PDF to bypass BookSmart

For ultimate flexibility, some more professional users actually created their book using specialized professional software such as Adobe CS4 InDesign. The route was then to create the entire book that way, and to export all pages as image (e.g. .JPG) files and use these to create the pages in BookSmart.

Since June 2008, BookSmart provides support for InDesign and potentially other software by allowing the user to submit their book as PDF. Obviously some constraints apply: Blurb cannot adapt the size and shape of the book to whatever you happen to have in mind. This seems to be solved by a combination of templates (for InDesign) and expecting advanced users to know what they are doing.

I have no experience with the use of InDesign, but know that some demanding users took this route even before Blurb made it easier to use.

Printing your own photo books

Although I am in the process of creating a photo book (on a trip to Spain) using, I haven’t seen the results yet.


The market is rather diverse: at the bottom end, Print-on-Demand can be seen as a replacement of photo albums: the album is printed instead of printing photos and pasting them into a blank album. At the high-end, the end result may be viewed more as a book self-publishing  route and the output can be an artistic end product in its own right. The high-end can range from wedding photos taken by a professional photographer  to an artsy book with pictures of someone’s recent trip or creative project.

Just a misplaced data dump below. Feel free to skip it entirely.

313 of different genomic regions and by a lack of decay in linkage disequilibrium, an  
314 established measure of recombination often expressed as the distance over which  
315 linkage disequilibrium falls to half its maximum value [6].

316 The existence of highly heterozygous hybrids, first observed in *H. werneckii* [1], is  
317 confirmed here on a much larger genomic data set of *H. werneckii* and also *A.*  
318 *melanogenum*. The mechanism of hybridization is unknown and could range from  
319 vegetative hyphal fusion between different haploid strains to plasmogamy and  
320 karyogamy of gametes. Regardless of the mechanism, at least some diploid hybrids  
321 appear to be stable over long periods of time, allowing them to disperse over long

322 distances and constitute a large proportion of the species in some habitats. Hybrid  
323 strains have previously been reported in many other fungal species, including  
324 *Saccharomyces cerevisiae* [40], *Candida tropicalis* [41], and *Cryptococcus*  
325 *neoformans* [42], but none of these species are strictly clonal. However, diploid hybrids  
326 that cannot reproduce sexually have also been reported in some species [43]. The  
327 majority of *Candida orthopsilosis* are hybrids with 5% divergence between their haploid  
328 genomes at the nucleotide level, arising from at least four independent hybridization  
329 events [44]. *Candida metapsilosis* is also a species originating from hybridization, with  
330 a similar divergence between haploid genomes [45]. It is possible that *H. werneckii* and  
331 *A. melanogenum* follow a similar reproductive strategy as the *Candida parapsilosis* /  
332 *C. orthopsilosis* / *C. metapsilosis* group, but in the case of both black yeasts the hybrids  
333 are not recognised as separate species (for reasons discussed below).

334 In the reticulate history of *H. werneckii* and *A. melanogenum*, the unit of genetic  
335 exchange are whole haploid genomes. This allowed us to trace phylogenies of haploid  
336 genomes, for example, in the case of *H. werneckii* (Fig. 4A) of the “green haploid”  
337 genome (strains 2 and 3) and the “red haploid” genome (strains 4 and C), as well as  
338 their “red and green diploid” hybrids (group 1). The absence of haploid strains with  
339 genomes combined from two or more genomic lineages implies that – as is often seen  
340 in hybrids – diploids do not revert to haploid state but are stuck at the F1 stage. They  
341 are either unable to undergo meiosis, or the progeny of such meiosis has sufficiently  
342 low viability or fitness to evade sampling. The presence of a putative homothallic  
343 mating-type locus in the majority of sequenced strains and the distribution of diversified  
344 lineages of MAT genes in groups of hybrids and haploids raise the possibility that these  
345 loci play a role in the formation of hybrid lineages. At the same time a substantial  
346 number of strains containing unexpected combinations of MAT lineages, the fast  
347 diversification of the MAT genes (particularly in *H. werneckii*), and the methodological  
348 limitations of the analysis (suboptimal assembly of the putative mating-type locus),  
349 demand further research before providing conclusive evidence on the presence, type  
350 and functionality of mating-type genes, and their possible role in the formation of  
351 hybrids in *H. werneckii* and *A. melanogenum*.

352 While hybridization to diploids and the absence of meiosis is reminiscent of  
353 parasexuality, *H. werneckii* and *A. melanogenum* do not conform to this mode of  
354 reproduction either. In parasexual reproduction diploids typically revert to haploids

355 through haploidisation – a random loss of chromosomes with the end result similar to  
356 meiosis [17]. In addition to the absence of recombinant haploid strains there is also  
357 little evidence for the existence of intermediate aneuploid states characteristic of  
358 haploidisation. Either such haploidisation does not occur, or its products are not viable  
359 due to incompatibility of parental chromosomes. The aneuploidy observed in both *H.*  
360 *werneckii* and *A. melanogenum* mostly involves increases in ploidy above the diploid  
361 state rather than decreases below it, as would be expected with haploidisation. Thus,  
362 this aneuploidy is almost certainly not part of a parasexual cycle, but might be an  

I tried to classify the quality requirements for print-on-demand photography books as follows (highest to lowest):

  1. Traditional professional photo books.
    If you earn a living partly by selling good-looking “coffee table books” with photos from Antarctica or of antique locomotives, you will need large series. The on-demand printing techniques are financially less attractive for larger series: these call for a normal printing equipment. An example of a photographer who does this is Karel Tomei – who does areal photography in Holland or elsewhere. Karel said he sometimes even takes the trouble of traveling to the printer’s site (in his case the Czech Republic) and personally checking image quality whenever they start printing a next sheet (in his case every 4 hours).
  2. Professional wedding albums. If you spend 1000+ dollars/euros on a wedding photographer, you will want print quality that approaches “National Geographic print quality”. Or quality that is close to that of traditional photographic prints. Such albums sometimes have high quality bindings, and avoid showing any logo of the printing company. Series size aspirations: 1 to 10?
  3. Aspiring photographers who want to display their portfolio. They may have high ambitions, but likely limited budgets. Series size aspirations: dozens? Some wedding albums also fall under this category, and can even be for sale for friends or even to the general public.